diff_check also includes optional logical arguments sort and return that will respectively either sort the difference in both vectors and return a two-element if set to TRUE.

# Make two vectors
vec1 <- c("x", "a", "b")
vec2 <- c("y", "z", "a")

# Compare them!
supportR::diff_check(old = vec1, new = vec2, sort = TRUE, return = TRUE)
#> Following element(s) found in old object but not new:
#> [1] "b" "x"
#> Following element(s) found in new object but not old:
#> [1] "y" "z"
#> $lost
#> [1] "b" "x"
#> $gained
#> [1] "y" "z"

This package also includes the function num_check that identifies all values of a column that would be coerced to NA if as.numeric was run on the column. Once these non-numbers are identified you can handle that in whatever way you feel is most appropriate. num_check is intended only to flag these for your attention, not to attempt a fix using a method you may or may not support.

# Make a dataframe with non-numbers in a number column
fish <- data.frame('species' = c('salmon', 'bass', 'halibut', 'eel'),
                   'count' = c(1, '14x', '_23', 12))

# Use `num_check` to identify non-numbers
num_check(data = fish, col = "count")
#> For 'count', 2 non-numbers identified: '14x' | '_23'
#> $count
#> [1] "14x" "_23"

date_check does a similar operation but is checking a column for entries that would be coerced to NA by as.Date instead. Note that if a date is sufficiently badly formatted as.Date will throw an error instead of coercing to NA so date_check will do the same thing.

# Make a dataframe including malformed dates
sites <- data.frame('site' = c("LTR", "GIL", "PYN", "RIN"),
                    'visit' = c('2021-01-01', '2021-01-0w', '1990', '2020-10-xx'))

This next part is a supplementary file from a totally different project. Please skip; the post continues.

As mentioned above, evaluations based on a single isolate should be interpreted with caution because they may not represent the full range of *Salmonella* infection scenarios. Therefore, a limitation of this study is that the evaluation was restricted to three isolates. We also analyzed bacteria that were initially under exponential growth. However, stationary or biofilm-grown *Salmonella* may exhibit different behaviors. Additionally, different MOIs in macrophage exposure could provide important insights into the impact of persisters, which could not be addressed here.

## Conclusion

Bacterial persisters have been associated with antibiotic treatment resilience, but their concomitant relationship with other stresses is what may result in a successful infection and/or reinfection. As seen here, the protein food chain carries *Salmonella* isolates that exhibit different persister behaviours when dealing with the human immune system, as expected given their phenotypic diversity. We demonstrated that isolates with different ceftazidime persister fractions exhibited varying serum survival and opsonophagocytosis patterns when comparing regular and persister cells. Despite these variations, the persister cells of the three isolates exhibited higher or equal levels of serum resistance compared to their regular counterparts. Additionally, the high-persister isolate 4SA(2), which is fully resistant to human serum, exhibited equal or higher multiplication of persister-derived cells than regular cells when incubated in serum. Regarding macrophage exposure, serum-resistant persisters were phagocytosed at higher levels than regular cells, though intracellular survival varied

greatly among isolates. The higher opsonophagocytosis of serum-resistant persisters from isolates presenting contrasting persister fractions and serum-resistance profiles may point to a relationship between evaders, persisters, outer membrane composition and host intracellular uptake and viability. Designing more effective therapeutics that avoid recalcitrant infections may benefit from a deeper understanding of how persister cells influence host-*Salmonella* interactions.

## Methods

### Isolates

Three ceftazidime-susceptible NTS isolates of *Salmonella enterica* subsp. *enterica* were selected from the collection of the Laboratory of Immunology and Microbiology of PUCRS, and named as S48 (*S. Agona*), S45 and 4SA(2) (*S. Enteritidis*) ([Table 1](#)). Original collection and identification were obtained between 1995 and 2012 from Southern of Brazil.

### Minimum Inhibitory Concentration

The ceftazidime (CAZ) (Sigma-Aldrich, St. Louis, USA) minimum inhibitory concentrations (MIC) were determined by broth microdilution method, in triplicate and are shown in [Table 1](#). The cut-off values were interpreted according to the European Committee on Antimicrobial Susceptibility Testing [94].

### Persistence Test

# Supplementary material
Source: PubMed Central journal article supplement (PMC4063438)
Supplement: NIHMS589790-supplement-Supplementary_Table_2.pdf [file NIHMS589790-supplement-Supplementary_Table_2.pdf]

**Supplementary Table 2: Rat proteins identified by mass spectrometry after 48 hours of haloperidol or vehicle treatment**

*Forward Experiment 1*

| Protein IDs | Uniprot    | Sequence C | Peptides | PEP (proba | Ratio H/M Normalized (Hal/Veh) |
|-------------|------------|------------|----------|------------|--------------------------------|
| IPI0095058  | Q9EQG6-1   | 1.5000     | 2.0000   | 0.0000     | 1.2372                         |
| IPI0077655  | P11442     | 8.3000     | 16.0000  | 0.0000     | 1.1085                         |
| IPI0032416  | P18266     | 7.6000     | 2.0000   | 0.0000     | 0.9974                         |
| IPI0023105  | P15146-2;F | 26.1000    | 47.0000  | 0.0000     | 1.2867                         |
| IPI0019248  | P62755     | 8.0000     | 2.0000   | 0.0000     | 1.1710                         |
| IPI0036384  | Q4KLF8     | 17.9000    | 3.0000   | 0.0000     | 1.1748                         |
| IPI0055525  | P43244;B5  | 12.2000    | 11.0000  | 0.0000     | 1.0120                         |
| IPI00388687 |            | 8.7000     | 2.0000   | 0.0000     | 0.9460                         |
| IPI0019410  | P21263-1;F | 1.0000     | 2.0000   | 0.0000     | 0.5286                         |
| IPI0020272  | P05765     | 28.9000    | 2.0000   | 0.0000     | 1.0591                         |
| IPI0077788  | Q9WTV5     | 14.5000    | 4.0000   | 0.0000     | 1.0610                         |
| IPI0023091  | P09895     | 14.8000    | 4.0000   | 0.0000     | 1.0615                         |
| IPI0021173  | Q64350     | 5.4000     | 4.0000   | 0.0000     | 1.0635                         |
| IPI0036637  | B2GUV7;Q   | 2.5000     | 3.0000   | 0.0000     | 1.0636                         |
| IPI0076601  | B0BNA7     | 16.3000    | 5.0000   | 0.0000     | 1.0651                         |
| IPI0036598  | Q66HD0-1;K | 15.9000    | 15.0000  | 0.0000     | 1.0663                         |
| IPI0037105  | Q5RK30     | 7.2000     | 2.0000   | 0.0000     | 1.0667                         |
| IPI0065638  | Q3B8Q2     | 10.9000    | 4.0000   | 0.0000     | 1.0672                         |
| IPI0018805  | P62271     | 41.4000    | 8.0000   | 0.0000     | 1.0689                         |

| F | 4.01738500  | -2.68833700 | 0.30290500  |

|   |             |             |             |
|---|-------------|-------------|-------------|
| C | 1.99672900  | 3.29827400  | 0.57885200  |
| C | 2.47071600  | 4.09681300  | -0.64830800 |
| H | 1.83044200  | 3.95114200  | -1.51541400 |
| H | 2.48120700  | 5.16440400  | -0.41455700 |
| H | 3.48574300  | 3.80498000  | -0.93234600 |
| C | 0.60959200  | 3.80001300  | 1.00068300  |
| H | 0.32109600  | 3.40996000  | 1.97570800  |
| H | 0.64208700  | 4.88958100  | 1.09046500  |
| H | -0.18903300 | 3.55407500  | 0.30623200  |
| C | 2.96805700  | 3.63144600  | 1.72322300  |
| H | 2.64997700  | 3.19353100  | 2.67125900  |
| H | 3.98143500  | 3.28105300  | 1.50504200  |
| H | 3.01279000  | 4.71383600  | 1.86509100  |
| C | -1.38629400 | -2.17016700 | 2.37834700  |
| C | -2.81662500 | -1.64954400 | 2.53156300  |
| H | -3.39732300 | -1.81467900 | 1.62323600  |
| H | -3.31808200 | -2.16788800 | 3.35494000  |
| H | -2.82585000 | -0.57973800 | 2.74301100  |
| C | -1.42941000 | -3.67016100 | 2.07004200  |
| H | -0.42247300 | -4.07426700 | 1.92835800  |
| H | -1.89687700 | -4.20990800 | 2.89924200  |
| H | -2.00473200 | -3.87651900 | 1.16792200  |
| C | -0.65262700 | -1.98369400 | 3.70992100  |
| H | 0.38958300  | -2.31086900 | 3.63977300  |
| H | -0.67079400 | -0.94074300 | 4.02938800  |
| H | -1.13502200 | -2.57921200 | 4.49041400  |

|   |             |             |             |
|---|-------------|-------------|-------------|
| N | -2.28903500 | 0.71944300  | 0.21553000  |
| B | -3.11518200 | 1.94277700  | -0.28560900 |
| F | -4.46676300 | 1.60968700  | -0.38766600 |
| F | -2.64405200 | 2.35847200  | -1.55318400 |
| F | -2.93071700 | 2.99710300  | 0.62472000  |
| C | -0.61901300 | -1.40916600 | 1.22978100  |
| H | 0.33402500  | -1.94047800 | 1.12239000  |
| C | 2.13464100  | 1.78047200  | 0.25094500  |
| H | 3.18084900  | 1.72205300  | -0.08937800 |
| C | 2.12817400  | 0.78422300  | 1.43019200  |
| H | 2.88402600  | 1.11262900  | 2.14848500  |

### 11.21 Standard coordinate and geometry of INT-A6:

# Now we can use our function to identify bad dates
supportR::date_check(data = sites, col = 'visit')
#> For 'visit', 3 non-dates identified: '2021-01-0w' | '1990' | '2020-10-xx'
#> $visit
#> [1] "2021-01-0w" "1990"       "2020-10-xx"

Both num_check and date_check can accept multiple column names to the col argument (as of version 1.1.1) and all columns are checked separately.

Another date column quality control function is date_format_guess. This This function checks a column of dates (stored as characters!) and tries to guess the format of the date (i.e., month/day/year, day/month/year, etc.).

It can make a more informed guess if there is a grouping column because it can use the frequency of the “date” entries within those groups to guess whether a given number is the day or the month. This is based on the assumption that sampling occurs more often within months than across them so the number that occurs in more rows within the grouping values is most likely month.

Recognizing that assumption may be uncomfortable for some users, the groups argument can be set to FALSE and it will do the clearer judgment calls (i.e., if a number is >12 it is day, etc.). Note that dates that cannot be guessed by my function will return “FORMAT UNCERTAIN” so that you can handle them using your knowledge of the system (or by returning to your raw data if need be).

# Make a dataframe with dates in various formats and a grouping column
my_df <- data.frame('data_enterer' = c('person A', 'person B',
                                       'person B', 'person B',
                                       'person C', 'person D',
                                       'person E', 'person F',
                                       'person G'),
                    'bad_dates' = c('2022.13.08', '2021/2/02',
                                    '2021/2/03', '2021/2/04',
                                    '1899/1/15', '10-31-1901',
                                    '26/11/1901', '08.11.2004',

# Now we can invoke the function!
supportR::date_format_guess(data = my_df, date_col = "bad_dates",
                            group_col = "data_enterer", return = "dataframe")
#> Returning dataframe of data format guesses
#>   data_enterer  bad_dates     format_guess
#> 1     person A 2022.13.08   year/day/month
#> 2     person B  2021/2/02   year/month/day
#> 3     person B  2021/2/03   year/month/day
#> 4     person B  2021/2/04   year/month/day
#> 5     person C  1899/1/15   year/month/day
#> 6     person D 10-31-1901   month/day/year
#> 7     person E 26/11/1901   day/month/year
#> 8     person F 08.11.2004 FORMAT UNCERTAIN
#> 9     person G    6/10/02 FORMAT UNCERTAIN

# If preferred, do it without groups and return a vector
supportR::date_format_guess(data = my_df, date_col = "bad_dates",
                            groups = FALSE, return = "vector")
#> Defining `groups` is strongly recommended! If none exist, consider adding a single artificial group shared by all rows then re-run this function
#> Returning vector of data format guesses